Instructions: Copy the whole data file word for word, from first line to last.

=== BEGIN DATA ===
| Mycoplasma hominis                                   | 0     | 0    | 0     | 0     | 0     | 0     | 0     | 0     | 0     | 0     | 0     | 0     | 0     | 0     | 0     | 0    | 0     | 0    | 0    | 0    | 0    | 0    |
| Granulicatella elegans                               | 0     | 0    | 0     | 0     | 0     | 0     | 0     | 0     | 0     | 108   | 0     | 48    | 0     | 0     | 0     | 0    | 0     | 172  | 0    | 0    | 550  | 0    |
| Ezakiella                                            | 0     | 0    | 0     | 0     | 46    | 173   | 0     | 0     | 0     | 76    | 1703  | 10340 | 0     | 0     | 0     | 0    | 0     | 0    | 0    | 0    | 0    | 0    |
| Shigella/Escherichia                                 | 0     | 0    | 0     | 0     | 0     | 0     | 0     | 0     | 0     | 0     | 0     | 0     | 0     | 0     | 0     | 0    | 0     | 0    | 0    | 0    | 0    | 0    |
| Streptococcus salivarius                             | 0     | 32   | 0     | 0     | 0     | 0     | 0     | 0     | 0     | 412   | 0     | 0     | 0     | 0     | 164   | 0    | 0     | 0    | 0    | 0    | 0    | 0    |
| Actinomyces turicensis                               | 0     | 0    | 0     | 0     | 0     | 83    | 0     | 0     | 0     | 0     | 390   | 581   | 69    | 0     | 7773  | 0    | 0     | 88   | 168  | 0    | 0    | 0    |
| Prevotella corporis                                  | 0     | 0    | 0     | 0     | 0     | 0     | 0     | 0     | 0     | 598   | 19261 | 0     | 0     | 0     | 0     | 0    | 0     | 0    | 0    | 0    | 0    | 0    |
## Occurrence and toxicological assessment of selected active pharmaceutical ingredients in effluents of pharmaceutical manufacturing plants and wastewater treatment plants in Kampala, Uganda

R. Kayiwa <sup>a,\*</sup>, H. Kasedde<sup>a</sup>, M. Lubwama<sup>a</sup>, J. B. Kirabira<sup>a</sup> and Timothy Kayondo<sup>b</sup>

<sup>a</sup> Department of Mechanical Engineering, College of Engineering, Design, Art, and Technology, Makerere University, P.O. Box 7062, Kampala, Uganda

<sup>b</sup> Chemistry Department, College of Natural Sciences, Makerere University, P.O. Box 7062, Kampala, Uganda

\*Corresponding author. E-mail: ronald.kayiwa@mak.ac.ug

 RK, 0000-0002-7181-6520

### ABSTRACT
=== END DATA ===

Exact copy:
| Mycoplasma hominis                                   | 0     | 0    | 0     | 0     | 0     | 0     | 0     | 0     | 0     | 0     | 0     | 0     | 0     | 0     | 0     | 0    | 0     | 0    | 0    | 0    | 0    | 0    |
| Granulicatella elegans                               | 0     | 0    | 0     | 0     | 0     | 0     | 0     | 0     | 0     | 108   | 0     | 48    | 0     | 0     | 0     | 0    | 0     | 172  | 0    | 0    | 550  | 0    |
| Ezakiella                                            | 0     | 0    | 0     | 0     | 46    | 173   | 0     | 0     | 0     | 76    | 1703  | 10340 | 0     | 0     | 0     | 0    | 0     | 0    | 0    | 0    | 0    | 0    |
| Shigella/Escherichia                                 | 0     | 0    | 0     | 0     | 0     | 0     | 0     | 0     | 0     | 0     | 0     | 0     | 0     | 0     | 0     | 0    | 0     | 0    | 0    | 0    | 0    | 0    |
| Streptococcus salivarius                             | 0     | 32   | 0     | 0     | 0     | 0     | 0     | 0     | 0     | 412   | 0     | 0     | 0     | 0     | 164   | 0    | 0     | 0    | 0    | 0    | 0    | 0    |
| Actinomyces turicensis                               | 0     | 0    | 0     | 0     | 0     | 83    | 0     | 0     | 0     | 0     | 390   | 581   | 69    | 0     | 7773  | 0    | 0     | 88   | 168  | 0    | 0    | 0    |
| Prevotella corporis                                  | 0     | 0    | 0     | 0     | 0     | 0     | 0     | 0     | 0     | 598   | 19261 | 0     | 0     | 0     | 0     | 0    | 0     | 0    | 0    | 0    | 0    | 0    |
## Occurrence and toxicological assessment of selected active pharmaceutical ingredients in effluents of pharmaceutical manufacturing plants and wastewater treatment plants in Kampala, Uganda

R. Kayiwa <sup>a,\*</sup>, H. Kasedde<sup>a</sup>, M. Lubwama<sup>a</sup>, J. B. Kirabira<sup>a</sup> and Timothy Kayondo<sup>b</sup>

<sup>a</sup> Department of Mechanical Engineering, College of Engineering, Design, Art, and Technology, Makerere University, P.O. Box 7062, Kampala, Uganda

<sup>b</sup> Chemistry Department, College of Natural Sciences, Makerere University, P.O. Box 7062, Kampala, Uganda

\*Corresponding author. E-mail: ronald.kayiwa@mak.ac.ug

 RK, 0000-0002-7181-6520

### ABSTRACT